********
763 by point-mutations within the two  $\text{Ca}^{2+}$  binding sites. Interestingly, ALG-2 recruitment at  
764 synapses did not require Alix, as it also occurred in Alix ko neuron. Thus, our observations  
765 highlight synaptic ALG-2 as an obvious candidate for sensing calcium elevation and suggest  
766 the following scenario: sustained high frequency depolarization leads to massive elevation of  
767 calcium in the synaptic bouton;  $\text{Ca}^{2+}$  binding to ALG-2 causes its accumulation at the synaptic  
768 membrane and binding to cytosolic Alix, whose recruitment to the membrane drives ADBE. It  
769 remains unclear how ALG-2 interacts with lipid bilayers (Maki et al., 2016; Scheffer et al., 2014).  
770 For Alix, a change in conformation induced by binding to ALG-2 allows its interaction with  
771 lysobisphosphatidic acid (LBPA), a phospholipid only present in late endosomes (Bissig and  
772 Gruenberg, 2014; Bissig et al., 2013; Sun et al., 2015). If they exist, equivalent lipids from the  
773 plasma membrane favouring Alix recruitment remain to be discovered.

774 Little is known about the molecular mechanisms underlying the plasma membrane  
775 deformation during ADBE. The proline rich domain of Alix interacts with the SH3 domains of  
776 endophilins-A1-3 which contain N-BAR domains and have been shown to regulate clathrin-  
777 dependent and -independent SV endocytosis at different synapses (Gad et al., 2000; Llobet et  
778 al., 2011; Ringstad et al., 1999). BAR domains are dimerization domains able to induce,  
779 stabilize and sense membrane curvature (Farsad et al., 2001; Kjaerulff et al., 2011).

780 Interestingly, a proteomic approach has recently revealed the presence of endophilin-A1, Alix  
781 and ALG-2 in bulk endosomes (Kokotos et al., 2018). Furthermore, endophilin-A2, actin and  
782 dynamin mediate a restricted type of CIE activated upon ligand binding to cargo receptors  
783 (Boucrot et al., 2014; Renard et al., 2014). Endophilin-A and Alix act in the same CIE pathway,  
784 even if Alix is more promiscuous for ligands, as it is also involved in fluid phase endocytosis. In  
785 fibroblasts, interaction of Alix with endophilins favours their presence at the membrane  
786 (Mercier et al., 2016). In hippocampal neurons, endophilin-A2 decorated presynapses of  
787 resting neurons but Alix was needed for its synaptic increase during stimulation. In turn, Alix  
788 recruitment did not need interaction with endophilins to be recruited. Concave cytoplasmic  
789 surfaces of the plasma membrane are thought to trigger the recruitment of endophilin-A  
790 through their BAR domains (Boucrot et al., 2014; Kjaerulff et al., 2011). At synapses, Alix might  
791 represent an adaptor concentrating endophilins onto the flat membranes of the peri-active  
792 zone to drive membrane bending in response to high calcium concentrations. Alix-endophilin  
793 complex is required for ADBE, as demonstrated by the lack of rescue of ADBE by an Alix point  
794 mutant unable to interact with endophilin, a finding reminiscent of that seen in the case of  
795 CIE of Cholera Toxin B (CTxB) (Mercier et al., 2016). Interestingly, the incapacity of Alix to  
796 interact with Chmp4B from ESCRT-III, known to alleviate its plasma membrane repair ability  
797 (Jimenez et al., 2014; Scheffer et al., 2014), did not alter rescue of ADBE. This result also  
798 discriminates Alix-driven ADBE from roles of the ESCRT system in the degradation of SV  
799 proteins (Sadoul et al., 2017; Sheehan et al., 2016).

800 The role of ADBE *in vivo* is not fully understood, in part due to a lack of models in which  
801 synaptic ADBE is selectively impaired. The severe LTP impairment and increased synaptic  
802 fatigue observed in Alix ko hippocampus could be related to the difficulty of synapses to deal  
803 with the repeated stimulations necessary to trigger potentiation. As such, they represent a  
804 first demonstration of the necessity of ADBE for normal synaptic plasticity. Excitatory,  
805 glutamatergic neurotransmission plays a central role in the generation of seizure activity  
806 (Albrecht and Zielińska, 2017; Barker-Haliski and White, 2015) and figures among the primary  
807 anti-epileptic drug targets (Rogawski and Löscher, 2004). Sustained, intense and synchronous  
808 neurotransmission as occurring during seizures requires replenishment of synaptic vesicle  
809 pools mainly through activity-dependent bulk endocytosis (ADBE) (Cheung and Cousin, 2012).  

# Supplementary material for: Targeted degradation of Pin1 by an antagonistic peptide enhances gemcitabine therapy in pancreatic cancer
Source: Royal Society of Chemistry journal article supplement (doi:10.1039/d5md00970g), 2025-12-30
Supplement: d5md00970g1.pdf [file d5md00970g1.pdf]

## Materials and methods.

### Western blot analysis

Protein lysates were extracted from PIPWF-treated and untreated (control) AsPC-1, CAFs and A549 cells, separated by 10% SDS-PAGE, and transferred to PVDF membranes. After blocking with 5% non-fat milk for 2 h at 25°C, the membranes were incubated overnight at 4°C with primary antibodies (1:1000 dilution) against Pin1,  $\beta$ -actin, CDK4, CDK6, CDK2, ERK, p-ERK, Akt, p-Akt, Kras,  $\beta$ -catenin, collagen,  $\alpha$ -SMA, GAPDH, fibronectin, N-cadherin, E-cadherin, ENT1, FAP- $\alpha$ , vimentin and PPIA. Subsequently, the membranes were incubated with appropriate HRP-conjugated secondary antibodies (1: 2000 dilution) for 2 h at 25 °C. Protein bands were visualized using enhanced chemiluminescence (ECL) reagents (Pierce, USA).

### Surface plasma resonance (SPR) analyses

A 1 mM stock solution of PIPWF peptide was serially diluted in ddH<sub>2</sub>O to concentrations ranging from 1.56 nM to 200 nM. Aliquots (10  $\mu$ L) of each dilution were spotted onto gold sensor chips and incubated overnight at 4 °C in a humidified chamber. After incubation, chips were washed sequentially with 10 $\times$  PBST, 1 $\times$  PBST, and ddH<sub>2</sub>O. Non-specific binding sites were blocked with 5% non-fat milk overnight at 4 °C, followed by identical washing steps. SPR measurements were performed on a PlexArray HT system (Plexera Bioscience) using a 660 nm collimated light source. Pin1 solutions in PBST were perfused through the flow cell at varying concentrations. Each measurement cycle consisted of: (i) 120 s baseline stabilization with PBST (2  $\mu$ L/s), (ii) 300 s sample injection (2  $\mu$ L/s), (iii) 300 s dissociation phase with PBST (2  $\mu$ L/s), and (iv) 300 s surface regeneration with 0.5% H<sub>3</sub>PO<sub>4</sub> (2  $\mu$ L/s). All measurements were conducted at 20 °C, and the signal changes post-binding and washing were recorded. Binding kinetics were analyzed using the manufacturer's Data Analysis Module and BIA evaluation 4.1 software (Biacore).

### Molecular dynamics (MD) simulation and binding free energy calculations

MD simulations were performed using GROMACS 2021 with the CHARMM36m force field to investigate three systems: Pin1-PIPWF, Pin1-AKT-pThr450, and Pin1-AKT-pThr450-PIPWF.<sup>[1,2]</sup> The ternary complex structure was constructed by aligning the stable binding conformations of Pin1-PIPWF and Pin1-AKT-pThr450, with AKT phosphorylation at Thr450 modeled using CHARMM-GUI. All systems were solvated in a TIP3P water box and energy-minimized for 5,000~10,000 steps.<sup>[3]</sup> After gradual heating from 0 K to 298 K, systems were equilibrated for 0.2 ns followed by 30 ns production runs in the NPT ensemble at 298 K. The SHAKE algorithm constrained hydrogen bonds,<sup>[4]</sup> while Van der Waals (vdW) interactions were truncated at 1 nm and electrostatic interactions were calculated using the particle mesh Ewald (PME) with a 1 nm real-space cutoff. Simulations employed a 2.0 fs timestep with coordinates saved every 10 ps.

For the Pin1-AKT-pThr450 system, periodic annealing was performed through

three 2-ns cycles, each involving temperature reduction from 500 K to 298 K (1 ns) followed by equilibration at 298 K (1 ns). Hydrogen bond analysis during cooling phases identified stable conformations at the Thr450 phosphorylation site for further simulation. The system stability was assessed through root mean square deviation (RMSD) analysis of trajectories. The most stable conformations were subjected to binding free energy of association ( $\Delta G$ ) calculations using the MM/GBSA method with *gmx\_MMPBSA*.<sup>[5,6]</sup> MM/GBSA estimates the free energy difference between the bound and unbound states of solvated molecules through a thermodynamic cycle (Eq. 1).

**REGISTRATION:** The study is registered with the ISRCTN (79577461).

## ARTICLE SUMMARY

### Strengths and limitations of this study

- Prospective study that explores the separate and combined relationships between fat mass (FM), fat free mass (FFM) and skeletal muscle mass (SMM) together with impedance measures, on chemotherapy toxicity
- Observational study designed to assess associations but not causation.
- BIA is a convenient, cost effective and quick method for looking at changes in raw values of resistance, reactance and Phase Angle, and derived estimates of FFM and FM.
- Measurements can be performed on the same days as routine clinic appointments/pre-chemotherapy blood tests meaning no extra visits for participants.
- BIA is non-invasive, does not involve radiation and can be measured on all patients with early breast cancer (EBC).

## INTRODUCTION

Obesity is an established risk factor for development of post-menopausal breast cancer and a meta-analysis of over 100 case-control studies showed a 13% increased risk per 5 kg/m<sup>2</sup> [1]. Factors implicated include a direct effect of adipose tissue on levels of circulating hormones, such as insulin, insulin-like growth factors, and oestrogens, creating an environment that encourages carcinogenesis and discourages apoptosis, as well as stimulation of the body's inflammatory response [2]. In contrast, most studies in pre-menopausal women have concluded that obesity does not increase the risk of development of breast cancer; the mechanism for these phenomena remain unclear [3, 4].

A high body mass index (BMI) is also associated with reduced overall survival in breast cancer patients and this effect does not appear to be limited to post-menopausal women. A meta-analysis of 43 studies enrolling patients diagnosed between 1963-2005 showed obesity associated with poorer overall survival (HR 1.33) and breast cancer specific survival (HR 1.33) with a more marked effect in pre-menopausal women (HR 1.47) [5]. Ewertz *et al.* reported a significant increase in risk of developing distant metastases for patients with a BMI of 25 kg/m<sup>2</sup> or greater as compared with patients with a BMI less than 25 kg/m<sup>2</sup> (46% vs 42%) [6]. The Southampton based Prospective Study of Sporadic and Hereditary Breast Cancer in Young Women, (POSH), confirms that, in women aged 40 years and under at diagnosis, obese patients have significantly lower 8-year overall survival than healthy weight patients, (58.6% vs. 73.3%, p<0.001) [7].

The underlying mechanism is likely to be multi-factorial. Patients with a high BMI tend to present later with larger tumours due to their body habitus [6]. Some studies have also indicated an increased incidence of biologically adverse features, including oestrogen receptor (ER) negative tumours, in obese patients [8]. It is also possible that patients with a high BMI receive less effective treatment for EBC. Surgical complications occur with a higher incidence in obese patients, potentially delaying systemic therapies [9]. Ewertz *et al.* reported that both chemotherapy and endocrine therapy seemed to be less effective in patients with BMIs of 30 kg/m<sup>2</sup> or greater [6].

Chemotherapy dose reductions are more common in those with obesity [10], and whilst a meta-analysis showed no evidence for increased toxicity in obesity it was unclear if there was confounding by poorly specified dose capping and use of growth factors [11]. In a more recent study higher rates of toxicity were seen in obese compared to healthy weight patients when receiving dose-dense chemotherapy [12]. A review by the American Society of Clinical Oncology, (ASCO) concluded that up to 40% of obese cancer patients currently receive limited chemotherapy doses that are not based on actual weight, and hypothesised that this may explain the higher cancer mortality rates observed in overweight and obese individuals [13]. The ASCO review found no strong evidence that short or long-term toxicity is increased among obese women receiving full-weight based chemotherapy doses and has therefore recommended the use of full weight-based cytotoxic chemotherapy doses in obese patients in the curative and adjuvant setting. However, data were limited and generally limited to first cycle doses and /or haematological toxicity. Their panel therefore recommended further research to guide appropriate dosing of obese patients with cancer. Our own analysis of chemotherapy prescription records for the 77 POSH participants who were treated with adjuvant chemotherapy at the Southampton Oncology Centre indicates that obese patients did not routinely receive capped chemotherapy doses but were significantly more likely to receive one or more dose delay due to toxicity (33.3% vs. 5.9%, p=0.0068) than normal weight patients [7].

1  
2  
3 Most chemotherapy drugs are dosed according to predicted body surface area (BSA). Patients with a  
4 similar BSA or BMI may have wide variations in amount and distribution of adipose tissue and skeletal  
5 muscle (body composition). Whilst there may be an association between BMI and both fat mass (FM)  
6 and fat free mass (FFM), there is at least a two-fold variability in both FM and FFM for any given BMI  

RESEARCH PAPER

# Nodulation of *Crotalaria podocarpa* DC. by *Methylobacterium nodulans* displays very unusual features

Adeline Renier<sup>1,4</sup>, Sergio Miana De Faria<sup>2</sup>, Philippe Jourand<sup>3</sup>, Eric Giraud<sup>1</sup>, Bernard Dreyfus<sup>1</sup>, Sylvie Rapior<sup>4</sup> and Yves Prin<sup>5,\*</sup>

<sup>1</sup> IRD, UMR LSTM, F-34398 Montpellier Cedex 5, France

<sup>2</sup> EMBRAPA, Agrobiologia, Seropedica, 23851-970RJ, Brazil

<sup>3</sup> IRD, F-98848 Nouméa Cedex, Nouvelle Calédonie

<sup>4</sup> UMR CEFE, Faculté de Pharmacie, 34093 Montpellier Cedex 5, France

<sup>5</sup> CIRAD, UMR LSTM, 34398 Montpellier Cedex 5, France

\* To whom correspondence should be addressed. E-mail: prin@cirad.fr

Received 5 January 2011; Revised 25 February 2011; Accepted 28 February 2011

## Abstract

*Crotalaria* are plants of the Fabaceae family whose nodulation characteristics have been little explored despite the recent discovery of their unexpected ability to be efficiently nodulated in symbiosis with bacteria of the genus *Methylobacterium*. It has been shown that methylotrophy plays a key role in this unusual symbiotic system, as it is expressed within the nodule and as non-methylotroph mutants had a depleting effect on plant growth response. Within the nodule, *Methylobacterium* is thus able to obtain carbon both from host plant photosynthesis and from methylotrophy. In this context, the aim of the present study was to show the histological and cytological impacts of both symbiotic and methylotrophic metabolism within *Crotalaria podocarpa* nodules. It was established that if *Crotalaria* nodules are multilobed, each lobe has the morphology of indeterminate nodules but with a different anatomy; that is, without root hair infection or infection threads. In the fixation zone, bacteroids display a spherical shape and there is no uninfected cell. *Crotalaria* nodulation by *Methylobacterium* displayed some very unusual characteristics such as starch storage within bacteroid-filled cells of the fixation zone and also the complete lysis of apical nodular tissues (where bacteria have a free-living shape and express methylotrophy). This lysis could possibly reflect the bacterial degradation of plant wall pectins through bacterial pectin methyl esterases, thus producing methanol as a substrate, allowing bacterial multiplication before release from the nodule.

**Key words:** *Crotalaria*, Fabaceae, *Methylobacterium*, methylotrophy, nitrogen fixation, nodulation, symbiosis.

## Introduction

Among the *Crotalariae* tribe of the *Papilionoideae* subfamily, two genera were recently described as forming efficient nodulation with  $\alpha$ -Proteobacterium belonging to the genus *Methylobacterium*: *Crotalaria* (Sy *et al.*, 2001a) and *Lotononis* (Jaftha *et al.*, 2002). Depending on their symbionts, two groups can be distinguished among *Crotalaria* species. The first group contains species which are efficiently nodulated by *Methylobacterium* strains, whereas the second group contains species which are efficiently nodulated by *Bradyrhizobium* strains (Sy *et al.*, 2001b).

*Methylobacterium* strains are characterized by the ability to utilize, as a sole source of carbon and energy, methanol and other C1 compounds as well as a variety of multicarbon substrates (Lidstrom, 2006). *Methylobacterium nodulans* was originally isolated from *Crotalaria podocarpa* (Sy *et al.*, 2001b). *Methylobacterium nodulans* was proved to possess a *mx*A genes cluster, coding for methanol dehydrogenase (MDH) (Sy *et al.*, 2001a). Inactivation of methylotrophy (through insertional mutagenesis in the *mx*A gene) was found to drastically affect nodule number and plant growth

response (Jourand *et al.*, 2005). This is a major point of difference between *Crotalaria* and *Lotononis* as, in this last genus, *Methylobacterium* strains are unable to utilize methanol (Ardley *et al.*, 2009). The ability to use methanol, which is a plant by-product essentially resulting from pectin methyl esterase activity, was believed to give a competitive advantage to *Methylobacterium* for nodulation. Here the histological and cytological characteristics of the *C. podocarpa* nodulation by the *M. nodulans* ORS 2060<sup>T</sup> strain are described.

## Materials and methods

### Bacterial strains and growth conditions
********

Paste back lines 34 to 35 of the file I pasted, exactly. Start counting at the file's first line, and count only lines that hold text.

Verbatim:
796 interact with Chmp4B from ESCRT-III, known to alleviate its plasma membrane repair ability  
797 (Jimenez et al., 2014; Scheffer et al., 2014), did not alter rescue of ADBE. This result also  